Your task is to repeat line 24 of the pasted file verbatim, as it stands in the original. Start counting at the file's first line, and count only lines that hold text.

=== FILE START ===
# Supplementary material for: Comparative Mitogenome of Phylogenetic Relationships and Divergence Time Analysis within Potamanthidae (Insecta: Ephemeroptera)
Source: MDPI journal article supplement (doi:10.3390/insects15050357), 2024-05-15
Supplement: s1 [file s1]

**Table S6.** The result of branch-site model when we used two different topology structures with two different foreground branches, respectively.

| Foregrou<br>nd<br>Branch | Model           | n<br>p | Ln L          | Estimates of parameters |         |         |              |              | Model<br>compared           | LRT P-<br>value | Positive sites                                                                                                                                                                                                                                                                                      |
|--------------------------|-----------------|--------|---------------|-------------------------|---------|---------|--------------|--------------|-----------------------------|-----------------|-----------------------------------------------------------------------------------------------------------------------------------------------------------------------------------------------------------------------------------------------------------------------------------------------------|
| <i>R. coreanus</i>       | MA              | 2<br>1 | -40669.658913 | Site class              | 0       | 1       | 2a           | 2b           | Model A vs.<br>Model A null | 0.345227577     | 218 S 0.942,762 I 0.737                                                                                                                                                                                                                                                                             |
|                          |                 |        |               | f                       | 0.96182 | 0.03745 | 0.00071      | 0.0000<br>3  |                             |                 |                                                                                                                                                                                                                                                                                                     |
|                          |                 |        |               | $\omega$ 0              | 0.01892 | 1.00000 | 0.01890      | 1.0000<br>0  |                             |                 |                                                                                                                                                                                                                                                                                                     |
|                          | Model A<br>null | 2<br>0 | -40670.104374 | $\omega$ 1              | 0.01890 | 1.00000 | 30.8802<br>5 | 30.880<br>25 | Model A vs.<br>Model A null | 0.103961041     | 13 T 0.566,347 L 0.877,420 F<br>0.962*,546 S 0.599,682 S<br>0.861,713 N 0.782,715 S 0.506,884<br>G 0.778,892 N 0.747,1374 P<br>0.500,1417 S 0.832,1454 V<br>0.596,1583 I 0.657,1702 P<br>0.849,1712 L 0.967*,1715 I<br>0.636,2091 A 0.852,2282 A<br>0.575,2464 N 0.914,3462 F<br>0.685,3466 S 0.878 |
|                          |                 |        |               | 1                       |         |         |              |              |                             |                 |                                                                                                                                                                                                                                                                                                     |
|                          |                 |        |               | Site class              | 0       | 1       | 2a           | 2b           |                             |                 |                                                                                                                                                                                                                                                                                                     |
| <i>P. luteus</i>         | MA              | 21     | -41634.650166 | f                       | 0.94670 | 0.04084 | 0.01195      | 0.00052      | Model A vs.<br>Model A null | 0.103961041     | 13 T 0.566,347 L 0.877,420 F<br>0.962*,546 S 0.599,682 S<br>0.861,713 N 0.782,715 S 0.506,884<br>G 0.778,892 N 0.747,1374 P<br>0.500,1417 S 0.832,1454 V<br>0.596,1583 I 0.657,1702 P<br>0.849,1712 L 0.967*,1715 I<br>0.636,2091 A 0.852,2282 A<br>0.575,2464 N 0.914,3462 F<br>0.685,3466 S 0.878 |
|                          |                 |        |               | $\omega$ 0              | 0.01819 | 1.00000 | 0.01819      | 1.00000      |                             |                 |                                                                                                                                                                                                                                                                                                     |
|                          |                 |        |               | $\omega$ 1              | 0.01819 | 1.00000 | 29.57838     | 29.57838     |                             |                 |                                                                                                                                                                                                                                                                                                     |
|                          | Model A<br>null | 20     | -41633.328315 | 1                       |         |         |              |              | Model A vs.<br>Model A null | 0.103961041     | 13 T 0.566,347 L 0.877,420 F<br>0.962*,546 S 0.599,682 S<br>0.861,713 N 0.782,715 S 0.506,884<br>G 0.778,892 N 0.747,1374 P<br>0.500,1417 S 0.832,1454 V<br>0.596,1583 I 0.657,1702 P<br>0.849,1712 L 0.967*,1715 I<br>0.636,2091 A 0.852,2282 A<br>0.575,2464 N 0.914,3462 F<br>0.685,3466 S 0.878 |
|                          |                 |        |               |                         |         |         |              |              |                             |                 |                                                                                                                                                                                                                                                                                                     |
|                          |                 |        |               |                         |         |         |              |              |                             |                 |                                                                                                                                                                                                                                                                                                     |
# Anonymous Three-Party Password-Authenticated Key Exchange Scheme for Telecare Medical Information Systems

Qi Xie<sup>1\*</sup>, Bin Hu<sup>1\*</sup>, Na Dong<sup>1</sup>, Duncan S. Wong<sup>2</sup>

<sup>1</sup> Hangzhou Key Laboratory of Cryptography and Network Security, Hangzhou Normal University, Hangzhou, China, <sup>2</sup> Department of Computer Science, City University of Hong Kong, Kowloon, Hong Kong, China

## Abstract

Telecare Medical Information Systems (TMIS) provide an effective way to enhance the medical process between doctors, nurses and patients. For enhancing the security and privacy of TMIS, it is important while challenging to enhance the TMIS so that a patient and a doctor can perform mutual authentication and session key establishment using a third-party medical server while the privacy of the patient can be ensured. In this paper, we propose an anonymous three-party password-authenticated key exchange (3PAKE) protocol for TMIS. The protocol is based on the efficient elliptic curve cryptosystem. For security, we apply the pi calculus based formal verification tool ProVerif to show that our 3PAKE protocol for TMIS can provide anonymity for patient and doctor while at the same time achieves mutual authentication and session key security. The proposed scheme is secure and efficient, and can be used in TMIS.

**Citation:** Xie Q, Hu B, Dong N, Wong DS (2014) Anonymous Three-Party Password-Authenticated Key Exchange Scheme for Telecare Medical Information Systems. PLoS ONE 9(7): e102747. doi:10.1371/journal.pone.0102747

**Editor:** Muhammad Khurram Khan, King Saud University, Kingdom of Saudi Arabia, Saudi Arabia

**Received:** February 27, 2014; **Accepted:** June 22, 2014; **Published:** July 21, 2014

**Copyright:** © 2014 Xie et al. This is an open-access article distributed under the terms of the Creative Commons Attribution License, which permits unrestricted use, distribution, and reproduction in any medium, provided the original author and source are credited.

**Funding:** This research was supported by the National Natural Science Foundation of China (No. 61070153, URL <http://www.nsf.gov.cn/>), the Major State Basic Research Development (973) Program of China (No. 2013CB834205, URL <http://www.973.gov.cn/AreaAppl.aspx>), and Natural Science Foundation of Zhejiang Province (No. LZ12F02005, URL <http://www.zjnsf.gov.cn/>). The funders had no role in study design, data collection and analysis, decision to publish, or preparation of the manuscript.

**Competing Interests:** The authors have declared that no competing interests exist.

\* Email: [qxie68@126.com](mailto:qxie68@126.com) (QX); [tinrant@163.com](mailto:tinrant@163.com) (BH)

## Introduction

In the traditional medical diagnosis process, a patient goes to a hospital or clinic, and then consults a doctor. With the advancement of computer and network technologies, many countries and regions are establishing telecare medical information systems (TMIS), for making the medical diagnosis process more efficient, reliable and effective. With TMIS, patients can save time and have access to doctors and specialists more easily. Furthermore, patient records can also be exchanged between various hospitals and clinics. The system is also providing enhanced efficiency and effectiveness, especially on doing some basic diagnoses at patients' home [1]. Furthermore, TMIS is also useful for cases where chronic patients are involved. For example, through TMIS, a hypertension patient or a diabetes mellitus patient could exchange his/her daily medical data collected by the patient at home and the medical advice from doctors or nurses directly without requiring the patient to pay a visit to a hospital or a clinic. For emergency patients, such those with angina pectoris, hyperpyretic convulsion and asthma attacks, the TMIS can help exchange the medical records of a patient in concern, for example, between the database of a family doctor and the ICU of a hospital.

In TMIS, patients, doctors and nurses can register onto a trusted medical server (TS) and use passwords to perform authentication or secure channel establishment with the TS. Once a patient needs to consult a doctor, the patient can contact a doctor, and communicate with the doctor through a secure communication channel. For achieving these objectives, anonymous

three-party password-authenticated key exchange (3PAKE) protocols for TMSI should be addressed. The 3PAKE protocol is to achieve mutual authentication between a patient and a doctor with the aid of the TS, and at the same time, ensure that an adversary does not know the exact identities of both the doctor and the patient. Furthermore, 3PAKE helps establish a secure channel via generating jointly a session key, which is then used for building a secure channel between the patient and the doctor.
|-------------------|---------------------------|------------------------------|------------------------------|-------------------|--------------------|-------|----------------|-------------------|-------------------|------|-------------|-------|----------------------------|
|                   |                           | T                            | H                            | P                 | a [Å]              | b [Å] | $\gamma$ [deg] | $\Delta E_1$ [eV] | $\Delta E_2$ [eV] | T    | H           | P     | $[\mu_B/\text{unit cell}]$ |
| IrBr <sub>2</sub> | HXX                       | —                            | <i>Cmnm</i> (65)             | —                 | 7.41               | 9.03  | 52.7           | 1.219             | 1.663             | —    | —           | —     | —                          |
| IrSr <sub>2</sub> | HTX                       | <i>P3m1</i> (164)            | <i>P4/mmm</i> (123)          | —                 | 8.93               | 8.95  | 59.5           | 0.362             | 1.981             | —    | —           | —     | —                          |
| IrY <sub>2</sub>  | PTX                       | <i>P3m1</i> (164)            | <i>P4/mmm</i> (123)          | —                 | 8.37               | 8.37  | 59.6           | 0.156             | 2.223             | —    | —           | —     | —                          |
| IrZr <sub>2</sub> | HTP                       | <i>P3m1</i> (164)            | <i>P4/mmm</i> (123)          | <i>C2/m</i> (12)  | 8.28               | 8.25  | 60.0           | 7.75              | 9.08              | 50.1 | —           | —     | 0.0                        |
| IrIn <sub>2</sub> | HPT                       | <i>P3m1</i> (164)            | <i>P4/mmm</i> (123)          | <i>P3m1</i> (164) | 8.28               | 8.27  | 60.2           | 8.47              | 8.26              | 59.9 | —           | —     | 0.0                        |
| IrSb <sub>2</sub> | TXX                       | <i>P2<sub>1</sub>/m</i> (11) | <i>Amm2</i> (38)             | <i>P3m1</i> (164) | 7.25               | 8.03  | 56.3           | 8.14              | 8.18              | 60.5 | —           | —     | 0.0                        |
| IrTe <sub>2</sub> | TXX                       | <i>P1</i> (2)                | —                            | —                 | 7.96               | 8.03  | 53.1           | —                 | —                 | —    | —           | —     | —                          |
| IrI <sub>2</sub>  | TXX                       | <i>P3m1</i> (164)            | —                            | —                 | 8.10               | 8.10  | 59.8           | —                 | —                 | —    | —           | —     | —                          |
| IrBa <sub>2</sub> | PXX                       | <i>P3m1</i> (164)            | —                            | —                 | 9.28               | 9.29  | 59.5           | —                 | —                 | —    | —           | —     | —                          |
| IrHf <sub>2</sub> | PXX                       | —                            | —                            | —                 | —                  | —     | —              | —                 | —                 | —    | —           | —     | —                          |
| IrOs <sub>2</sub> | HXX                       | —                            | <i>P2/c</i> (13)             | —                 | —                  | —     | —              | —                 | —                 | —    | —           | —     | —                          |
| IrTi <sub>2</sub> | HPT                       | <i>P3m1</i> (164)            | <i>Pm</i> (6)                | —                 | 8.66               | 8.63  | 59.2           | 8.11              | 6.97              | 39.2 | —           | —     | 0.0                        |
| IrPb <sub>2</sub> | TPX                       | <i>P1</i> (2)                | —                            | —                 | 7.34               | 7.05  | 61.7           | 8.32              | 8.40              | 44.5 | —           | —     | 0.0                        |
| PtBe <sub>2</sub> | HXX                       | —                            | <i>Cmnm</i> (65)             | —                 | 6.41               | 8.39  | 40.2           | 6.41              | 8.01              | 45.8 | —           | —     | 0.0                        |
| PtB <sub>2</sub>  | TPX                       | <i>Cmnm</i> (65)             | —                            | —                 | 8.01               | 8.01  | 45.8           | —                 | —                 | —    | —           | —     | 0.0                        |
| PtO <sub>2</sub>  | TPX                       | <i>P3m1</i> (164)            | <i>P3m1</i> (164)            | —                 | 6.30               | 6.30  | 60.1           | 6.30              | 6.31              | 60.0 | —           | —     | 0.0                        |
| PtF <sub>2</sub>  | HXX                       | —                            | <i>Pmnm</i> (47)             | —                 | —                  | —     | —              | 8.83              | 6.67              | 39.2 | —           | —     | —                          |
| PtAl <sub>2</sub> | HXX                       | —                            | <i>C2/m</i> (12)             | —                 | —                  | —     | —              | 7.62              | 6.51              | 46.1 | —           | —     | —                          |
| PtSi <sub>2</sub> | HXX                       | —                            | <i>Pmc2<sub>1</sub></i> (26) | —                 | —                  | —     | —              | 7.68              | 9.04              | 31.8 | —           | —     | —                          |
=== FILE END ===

**Citation:** Xie Q, Hu B, Dong N, Wong DS (2014) Anonymous Three-Party Password-Authenticated Key Exchange Scheme for Telecare Medical Information Systems. PLoS ONE 9(7): e102747. doi:10.1371/journal.pone.0102747